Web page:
YOU ARE HERE: LAT HomeCollections

UCSD Readies Plan to Manage Hospital : County, State Leaders Seek Broad-Based Backing for Hillcrest Mental Facility Move

May 24, 1986|DAVID SMOLLAR and DANIEL M. WEINTRAUB | Times Staff Writers

LA JOLLA — In an effort to improve patient care at the county's Hillcrest mental hospital, UC San Diego will submit a formal proposal to both the state and county to take over the hospital as part of a new UCSD Academic Mental Health Center.

The UCSD Medical School's department of psychiatry is preparing a detailed plan for how the center would operate, with emphasis on state-of-the-art treatment for the type of seriously ill patients now seen at Hillcrest, a facility for violent and impoverished mentally ill individuals.

The department chairman, Dr. Lewis L. Judd, said he intends to move vigorously on the proposal, which he outlined in a letter this week to county Supervisor Susan Golding and state Assemblyman Larry Stirling (R-San Diego). Golding and Stirling have been in the forefront of officials supporting an arrangement between the county and the university.

The long-beleaguered Hillcrest hospital early this year lost its eligibility for federal Medicare funds because of cases of substandard care. The county has moved within the past year to improve care by reducing the number of beds, hiring new administrators and psychiatrists, and spending more money on the fewer patients admitted. But county supervisors have said that a UCSD affiliation could be the best long-run solution, especially since mental health specialists agree that many people needing help are still unable to get adequate treatment.

Judd, who discussed his idea during a Times interview last month, believes several factors will help spur a county-UCSD agreement, including the need to improve the longstanding problem of providing top-flight care for San Diego's seriously mentally ill, the willingness and availability of top academic talent at UCSD to care for such patients, and an apparent turnaround among politicians at all levels of government to provide more money for mental health.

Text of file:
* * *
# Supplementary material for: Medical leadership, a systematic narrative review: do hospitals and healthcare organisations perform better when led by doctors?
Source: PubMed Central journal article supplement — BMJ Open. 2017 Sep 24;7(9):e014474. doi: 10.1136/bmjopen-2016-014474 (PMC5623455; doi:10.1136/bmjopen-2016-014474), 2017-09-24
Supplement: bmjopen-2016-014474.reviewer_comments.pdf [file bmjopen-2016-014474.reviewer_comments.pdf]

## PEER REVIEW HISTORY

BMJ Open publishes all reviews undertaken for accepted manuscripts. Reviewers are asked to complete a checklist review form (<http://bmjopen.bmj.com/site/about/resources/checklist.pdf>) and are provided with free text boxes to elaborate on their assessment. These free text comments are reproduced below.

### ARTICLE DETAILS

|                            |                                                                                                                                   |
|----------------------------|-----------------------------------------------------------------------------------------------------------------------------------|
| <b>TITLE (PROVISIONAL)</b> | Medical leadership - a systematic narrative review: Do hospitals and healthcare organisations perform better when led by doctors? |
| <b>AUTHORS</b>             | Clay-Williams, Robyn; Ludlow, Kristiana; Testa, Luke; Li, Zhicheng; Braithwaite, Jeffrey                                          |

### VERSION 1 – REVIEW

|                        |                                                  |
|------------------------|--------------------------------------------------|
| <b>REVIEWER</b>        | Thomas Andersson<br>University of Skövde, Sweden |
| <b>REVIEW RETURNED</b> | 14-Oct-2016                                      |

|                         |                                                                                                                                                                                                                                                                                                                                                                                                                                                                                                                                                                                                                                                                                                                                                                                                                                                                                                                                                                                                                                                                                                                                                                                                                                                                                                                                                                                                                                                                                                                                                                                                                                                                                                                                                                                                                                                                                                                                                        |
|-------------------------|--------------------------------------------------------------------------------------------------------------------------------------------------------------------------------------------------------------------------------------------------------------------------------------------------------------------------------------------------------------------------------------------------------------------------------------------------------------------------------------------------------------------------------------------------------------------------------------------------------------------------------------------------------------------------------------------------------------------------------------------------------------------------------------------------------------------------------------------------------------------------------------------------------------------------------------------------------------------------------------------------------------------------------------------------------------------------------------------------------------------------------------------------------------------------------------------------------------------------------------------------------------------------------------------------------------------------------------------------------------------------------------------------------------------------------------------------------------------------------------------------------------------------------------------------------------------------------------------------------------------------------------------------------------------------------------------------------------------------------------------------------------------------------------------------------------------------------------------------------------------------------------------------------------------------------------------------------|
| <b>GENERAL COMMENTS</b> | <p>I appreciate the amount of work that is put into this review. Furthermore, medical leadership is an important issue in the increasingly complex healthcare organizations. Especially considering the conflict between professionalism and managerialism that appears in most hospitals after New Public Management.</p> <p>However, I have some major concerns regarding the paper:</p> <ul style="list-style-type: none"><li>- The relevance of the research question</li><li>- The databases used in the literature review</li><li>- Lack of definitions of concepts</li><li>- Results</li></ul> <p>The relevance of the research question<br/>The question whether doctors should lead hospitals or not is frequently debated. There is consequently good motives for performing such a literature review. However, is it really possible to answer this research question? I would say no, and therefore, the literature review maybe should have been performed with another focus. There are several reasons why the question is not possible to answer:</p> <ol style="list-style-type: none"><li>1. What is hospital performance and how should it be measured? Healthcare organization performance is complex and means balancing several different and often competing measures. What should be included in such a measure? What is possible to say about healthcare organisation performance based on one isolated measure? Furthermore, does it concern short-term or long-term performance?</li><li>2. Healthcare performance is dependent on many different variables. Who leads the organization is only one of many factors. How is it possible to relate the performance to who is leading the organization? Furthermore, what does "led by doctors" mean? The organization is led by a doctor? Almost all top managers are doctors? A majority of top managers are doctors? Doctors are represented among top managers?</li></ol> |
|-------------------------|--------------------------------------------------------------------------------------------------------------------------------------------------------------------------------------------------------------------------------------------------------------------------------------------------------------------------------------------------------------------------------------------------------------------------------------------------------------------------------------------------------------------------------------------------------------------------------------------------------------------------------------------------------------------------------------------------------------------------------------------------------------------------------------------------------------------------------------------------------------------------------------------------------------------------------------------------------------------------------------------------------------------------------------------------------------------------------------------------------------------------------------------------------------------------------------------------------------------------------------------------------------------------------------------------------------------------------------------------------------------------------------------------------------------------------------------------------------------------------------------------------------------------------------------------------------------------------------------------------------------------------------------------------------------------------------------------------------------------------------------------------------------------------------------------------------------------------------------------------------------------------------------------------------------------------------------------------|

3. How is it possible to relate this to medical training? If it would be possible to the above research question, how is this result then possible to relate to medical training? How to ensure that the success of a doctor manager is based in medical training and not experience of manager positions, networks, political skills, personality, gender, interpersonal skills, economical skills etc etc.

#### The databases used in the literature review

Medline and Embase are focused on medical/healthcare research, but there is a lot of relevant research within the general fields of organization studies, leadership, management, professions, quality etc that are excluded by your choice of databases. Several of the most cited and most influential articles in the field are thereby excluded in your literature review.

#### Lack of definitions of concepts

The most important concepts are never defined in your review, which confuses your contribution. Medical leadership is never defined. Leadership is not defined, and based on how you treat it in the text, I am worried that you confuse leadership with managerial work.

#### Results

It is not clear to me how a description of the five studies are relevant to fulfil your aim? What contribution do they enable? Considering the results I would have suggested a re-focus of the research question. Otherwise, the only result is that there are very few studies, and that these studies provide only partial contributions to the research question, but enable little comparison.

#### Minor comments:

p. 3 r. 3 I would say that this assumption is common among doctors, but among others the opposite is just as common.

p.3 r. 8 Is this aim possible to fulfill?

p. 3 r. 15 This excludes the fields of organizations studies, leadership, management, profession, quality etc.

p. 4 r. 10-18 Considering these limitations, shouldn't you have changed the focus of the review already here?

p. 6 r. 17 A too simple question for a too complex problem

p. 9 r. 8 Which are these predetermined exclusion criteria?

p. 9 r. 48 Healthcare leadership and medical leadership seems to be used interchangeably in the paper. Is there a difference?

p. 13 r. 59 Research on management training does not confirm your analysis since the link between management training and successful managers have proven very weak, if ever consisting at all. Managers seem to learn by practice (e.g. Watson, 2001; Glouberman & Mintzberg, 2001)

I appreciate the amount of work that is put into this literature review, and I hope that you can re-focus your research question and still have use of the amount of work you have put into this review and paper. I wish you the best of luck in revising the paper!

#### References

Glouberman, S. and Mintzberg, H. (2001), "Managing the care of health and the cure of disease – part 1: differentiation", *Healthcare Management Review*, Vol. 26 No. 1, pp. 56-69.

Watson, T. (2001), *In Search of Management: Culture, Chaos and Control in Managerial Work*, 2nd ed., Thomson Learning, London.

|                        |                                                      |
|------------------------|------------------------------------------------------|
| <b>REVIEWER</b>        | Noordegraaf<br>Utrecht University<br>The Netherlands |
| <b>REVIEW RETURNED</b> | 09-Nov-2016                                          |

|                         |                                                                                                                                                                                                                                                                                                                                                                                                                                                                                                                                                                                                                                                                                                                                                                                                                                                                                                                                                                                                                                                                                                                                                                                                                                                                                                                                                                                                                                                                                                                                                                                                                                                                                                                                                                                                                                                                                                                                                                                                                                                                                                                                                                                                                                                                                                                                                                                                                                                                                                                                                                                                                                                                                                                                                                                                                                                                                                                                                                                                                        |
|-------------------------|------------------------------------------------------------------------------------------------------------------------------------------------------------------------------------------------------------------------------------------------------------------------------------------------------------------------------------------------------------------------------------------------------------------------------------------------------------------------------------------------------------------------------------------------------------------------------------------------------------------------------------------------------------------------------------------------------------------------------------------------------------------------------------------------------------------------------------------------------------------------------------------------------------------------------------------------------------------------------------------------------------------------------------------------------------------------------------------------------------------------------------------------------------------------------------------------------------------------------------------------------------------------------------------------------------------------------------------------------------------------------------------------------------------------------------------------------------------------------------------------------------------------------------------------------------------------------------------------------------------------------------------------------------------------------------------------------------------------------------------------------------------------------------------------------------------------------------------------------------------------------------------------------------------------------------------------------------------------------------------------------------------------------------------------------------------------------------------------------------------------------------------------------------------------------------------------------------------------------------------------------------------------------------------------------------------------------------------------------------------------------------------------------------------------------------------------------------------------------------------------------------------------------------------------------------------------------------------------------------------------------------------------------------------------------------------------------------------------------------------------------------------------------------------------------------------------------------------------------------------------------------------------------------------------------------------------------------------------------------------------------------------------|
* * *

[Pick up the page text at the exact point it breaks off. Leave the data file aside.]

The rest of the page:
"We see this as a unique window of opportunity . . . (to) promote a mutually beneficial agreement between the County of San Diego and UCSD," Judd said in his letter.

Judd hopes to soon send an outline of the proposed center's programs and legal relationship with the county to University of California officials in Berkeley for approval, after which the plans will be formally submitted to the county. The outline "will ensure the operation of a responsive, quality inpatient program for the patients the county is responsible for, but which also provides sufficient protection for both the county and the University of California," Judd said in his letter.

Once the county and UCSD conclude negotiations, the plans will be shepherded through the state Legislature for the necessary funding, Judd said.

On Friday, Golding called the concept "solid and exciting," adding that she is eager to see a specific proposal approved by university officials and presented to the county.

Stirling said Friday that Judd is a key player in getting the proposal going but warned that many San Diegans, including the entire 11-member legislative delegation and local representatives on the UC Board of Regents, must throw their support behind the plan if it is to be successful.

"I want to see broad-based support for Judd and the county if we are going to be able to get this through (the state)," Stirling said.

Unlike existing mental health research centers at UCLA and UC San Francisco, Judd envisions a San Diego center as a model inpatient program for persons with major mental disorders, where research and teaching are keyed directly to clinical treatment.

In the outline, Judd notes potential pitfalls that could complicate a final agreement between UCSD and the county. A new facility with modern patient rooms as well as adequate classroom and laboratory space would be needed, requiring use of the $17 million now available to the county for a new hospital as well as some additional state construction funds, Judd said.

Annual operating costs, estimated to be $12 million, would have to be covered from the present $7.5 million now supplied Hillcrest by the state and from new UC funds similar to those given the UCLA and UC San Francisco institutes.

"It would have to be understood from the beginning that these (UC) monies are additional funds added to the university's budget but will be earmarked for the operations for the UCSD center," Judd said. He does not want uncertainty from year to year over the source of operating funds, he said.

"It should be noted that the state year after year perpetuated a serious and inappropriate inequity in (state) Department of Mental Hygiene funds to the county. San Diego expends approximately $14.72 annually per mental health patient, whereas over $40 per patient is spent in San Francisco County, $28.88 in California, and the national average is $30.27," Judd said.

Golding said Friday that the county will be unable to provide additional funds and that more state money will be essential. Stirling has previously indicated that, if the county and university can agree on a proposal, a united San Diego legislative delegation would be able to come up with the cash through negotiations with colleagues.

While UCSD draws up the specifics, the county has held off on construction of a new 111-bed mental hospital in the Sports Arena area. In addition to Golding, Supervisors George Bailey and Brian Bilbray have expressed strong interest in having the university take over the mental health functions. Bilbray said he has been very much impressed by UCSD's operation of the former county general hospital in Hillcrest, now known as UCSD Medical Center.

Los Angeles Times Articles